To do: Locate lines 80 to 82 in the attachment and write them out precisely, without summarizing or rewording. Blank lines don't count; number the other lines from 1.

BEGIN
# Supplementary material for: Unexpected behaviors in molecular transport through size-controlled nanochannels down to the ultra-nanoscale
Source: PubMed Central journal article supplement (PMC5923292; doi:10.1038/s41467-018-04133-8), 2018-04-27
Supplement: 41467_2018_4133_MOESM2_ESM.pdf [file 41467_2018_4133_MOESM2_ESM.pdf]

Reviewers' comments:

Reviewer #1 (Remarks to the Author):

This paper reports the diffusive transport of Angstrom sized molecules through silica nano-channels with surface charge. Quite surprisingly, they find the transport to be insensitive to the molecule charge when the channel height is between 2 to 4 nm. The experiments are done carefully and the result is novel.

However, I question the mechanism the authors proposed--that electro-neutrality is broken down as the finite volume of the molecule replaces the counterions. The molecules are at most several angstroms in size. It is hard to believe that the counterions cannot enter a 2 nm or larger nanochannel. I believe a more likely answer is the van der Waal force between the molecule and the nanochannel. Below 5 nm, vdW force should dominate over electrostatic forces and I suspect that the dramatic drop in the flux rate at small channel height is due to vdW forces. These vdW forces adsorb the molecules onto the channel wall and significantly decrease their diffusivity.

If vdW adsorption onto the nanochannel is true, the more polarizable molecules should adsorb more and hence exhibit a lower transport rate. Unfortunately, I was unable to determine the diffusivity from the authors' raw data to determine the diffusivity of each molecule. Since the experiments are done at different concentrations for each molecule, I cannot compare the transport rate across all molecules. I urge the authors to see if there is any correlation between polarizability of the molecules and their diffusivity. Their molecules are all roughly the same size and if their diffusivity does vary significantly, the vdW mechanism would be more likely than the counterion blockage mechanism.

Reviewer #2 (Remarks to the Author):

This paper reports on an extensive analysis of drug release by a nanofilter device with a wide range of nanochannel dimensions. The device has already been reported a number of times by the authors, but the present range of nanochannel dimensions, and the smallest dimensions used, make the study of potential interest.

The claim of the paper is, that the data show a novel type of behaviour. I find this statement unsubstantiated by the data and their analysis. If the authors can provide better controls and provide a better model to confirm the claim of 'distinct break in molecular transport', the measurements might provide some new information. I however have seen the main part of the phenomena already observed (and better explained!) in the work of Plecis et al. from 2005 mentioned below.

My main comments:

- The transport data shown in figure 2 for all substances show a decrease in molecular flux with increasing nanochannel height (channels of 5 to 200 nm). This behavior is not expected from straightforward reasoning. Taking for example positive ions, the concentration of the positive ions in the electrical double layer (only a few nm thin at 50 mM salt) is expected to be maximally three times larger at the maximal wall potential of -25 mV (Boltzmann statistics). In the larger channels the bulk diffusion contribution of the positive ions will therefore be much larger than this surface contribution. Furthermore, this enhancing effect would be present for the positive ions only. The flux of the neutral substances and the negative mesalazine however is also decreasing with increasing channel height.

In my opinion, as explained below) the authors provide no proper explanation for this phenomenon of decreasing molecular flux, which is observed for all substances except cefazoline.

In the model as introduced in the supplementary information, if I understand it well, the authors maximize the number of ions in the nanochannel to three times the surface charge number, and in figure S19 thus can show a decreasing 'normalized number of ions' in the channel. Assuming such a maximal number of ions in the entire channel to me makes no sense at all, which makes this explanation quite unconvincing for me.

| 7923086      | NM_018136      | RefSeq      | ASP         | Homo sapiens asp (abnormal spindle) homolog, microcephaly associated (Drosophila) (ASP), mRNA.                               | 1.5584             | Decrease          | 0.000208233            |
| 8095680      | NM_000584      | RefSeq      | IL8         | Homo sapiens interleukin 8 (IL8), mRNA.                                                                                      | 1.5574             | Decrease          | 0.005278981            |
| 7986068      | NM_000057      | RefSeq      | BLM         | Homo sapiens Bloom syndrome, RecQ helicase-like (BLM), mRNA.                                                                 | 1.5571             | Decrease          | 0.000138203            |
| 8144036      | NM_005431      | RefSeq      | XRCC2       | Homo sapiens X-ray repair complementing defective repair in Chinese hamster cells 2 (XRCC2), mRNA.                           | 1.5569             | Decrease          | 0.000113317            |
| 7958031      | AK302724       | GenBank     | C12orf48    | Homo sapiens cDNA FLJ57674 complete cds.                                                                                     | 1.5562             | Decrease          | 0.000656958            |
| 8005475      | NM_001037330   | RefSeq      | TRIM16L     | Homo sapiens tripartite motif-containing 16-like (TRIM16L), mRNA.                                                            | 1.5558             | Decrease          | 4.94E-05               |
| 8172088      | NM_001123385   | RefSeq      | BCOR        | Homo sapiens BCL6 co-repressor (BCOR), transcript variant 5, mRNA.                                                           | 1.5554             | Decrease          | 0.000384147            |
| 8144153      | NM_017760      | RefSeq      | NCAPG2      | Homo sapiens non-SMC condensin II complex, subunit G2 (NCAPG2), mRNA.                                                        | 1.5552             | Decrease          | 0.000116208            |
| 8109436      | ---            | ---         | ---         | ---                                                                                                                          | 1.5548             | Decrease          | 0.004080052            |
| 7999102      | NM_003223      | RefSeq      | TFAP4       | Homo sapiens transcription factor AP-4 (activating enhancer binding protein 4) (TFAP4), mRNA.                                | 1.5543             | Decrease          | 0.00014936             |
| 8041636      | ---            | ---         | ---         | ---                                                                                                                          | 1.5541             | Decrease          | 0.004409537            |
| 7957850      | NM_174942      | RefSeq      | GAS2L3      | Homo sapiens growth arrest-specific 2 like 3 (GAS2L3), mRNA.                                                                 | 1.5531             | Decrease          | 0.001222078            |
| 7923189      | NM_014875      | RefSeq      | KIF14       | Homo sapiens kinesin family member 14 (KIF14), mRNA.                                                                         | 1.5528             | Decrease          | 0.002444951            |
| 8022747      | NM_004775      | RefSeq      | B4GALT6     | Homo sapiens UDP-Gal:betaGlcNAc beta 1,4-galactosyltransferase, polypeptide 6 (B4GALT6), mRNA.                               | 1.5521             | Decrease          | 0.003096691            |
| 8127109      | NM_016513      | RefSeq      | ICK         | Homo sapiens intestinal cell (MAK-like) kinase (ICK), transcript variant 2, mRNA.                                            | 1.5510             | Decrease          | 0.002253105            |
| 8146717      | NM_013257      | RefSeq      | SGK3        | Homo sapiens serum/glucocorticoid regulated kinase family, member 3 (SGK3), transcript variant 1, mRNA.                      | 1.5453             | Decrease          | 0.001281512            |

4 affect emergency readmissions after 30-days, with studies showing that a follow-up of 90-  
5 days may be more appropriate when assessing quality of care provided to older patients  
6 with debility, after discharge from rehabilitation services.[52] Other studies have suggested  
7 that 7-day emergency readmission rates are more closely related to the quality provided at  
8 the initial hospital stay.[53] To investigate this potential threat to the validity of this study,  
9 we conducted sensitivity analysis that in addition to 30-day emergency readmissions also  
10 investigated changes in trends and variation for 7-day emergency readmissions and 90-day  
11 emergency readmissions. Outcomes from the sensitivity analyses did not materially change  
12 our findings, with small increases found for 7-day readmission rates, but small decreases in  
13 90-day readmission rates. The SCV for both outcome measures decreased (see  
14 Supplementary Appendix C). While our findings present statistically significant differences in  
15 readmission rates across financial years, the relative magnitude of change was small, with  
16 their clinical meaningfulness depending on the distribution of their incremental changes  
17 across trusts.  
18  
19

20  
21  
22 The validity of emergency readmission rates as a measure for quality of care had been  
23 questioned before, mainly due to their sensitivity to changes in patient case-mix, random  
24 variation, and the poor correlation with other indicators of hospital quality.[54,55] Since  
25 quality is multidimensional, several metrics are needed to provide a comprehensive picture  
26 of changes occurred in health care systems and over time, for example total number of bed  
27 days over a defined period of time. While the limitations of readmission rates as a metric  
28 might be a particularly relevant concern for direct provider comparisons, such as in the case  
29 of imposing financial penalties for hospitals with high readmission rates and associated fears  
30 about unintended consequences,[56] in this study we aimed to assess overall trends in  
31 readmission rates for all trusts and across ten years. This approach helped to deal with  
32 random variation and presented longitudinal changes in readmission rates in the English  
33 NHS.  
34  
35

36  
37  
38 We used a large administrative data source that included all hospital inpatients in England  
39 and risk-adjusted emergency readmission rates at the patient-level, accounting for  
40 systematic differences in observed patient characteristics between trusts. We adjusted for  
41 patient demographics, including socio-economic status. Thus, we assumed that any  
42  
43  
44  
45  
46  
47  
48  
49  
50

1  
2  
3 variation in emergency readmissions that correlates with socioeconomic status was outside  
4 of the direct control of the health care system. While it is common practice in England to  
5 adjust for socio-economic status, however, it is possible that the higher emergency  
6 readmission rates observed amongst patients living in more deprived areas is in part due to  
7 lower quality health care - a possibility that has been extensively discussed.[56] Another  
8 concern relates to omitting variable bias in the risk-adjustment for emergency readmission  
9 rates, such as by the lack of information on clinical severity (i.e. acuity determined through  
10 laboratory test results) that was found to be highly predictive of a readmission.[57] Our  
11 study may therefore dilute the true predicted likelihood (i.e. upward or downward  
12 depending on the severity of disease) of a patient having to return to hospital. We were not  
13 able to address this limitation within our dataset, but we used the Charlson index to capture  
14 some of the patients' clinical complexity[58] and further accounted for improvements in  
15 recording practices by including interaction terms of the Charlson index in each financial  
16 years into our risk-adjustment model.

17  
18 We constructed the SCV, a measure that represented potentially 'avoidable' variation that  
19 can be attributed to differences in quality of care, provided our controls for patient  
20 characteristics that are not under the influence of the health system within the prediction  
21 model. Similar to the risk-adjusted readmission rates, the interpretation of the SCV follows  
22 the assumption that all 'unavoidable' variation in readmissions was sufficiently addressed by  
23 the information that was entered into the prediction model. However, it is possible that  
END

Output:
2  
3 variation in emergency readmissions that correlates with socioeconomic status was outside  
4 of the direct control of the health care system. While it is common practice in England to  